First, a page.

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Naomi Campbell and Kate Moss, 1999
Naomi Campbell and Kate Moss, 1999Photography Dave Benett

Dave Benett’s photos take you inside London’s most glamorous parties

As an exhibition of the photographer’s work goes on display in London, he talks us through five of his most iconic images – a ‘tableau of ridiculous fame’

“That’s all down to her. She’s done that, she got herself to that place,” Dave Benett says of Elizabeth Hurley, the once unknown, fresh-faced arm candy to 90s heartthrob Hugh Grant, now a bona fide sex symbol and icon in her own right, who singlehandedly catapulted a last season little black dress from the back of Gianni Versace’s sample room to a place in the Metropolitan Museum of Art and its own Wikipedia page. “That’s what I love about the people we photograph, they’ve got so much drive,” Benett says. “You know, we are very lucky to be in a game that sees them as our subjects.”

In just over 40 years, Benett has traversed from ambitious news photojournalist to trailblazing paparazzo to his current position, as London’s most trusted high-society photographer. For decades, the lens of his camera has offered the world an expertly-framed window into the glamorous lives of the capital’s elite. To quote the model Alexa Chung: “If a party happens and Dave Benett isn’t there to capture it – did it even happen at all?”

Since his earlier days as a member of London’s originally small, friendly group of paparazzi through to more recent times which have seen him succeed the pack to be invited past the velvet rope and inside the parties, the sight of Benett and his camera have always offered a certain comfort to his famous subjects. “I’m always happy to see Dave’s face at a party or event. I know I’m in safe hands, he’s the best,” explains friend and long-time subject Kate Moss.

Later this month, for the first time in his four decade-spanning career, Benett will take a moment to look back with his first ever solo exhibition at Mayfair’s JD Malat Gallery. The show’s title, Great Shot, Kid, is inspired by a remark made over his shoulder by the legendary war photographer Don McCullin in 1981, who spotted a moment of magic Benett had managed to capture during a bust-up between police and a group of skinheads in Southend, years before his eye for photography would lead him to the blinding lights of movie premieres, award show afterparties and private members clubs.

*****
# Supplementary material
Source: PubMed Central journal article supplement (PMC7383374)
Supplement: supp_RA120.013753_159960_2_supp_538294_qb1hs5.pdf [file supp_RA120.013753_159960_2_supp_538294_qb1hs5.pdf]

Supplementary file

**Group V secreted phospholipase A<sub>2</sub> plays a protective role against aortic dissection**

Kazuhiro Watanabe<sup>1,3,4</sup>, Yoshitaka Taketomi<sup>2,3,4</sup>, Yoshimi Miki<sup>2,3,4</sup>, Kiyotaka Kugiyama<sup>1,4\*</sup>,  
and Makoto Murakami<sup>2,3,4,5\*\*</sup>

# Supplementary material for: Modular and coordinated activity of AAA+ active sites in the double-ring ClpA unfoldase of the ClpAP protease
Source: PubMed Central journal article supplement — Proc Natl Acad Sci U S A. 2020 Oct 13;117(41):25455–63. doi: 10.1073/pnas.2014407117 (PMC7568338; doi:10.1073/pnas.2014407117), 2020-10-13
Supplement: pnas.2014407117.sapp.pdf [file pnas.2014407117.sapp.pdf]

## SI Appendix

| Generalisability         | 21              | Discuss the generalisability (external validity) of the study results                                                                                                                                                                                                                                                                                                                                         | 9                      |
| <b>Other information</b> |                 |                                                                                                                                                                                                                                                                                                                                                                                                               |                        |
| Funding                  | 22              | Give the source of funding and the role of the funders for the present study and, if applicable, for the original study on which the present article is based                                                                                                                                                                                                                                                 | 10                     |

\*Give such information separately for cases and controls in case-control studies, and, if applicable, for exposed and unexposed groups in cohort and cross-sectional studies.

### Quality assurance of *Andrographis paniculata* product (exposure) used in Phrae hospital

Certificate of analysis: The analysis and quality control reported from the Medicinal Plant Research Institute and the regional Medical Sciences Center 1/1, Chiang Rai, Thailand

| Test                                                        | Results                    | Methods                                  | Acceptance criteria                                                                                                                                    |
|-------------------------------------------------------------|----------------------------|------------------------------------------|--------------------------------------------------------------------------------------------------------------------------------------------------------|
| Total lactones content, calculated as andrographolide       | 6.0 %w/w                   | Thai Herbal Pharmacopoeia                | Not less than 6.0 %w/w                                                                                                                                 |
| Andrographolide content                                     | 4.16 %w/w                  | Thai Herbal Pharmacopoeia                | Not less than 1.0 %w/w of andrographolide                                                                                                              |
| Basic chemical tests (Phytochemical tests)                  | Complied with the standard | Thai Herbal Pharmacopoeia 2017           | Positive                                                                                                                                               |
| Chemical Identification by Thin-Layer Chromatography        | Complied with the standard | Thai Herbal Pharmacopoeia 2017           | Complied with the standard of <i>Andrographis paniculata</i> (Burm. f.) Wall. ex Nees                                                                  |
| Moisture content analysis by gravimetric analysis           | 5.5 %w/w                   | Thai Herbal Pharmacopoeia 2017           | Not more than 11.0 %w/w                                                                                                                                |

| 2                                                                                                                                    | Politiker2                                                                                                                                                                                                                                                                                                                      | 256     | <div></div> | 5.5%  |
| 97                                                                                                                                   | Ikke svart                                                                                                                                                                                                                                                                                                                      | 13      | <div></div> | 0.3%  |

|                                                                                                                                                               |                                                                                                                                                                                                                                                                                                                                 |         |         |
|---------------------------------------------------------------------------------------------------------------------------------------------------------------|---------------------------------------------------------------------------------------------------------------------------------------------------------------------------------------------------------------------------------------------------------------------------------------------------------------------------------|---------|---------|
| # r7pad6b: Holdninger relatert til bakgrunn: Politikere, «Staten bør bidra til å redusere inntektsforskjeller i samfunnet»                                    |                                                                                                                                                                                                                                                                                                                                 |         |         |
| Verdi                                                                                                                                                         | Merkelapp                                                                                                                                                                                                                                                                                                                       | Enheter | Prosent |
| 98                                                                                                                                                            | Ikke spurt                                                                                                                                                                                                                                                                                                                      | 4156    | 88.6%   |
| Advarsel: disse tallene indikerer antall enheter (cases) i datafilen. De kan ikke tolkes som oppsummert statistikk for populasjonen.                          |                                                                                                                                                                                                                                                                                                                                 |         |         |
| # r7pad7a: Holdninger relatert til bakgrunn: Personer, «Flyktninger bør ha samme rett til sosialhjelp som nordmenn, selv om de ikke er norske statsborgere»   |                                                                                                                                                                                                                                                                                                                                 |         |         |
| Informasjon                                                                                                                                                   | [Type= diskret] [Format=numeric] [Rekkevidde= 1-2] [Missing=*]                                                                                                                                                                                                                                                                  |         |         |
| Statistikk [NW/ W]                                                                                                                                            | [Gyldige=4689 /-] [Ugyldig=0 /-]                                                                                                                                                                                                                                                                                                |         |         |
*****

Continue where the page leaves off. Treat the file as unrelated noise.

Ahead of the exhibition’s opening on February 17, 2022, we caught up with Benett to hear what he recalled about the nights he took some of his best-known and personal favourite photos in the show.

Prince, Prince Charles, Donatella Versace and Lenny Kravitz at the De Beers X Versace ’Diamonds Are Forever’ show at Syon House, 1999

“This was at a massive charity event and literally the whole of London was there. It was a real who’s who of high society and to have Prince there was incredible.

The trick of this one was actually to step back. Everyone would have gone for the close-up picture of Charles and Prince, the two princes, but I realised by stepping back, you see so much more. You’re seeing Lenny Kravitz like a sort of Judas on Christ’s shoulder with Donatella. Prince is straight at me, and Charles is there but for once he’s just in the middle of something that’s going on around him. It’s my usual tableau of ridiculous fame, and then Prince Charles is just caught in the middle of it.”

Jack Nicholson and Danny Devito leaving a performance of Crazy For You at the Prince Edward Theatre, 1993

“This one’s not particularly sharp on Jack, but it’s just a great picture so, I can’t not have it. Jack and Danny were in town, they’d done a Batman film together – he was the original Joker and Danny was the Penguin. The cigarette in the background makes it, it gives it that rock and roll life, when guys were still allowed to smoke a cigarette in a car with three other people.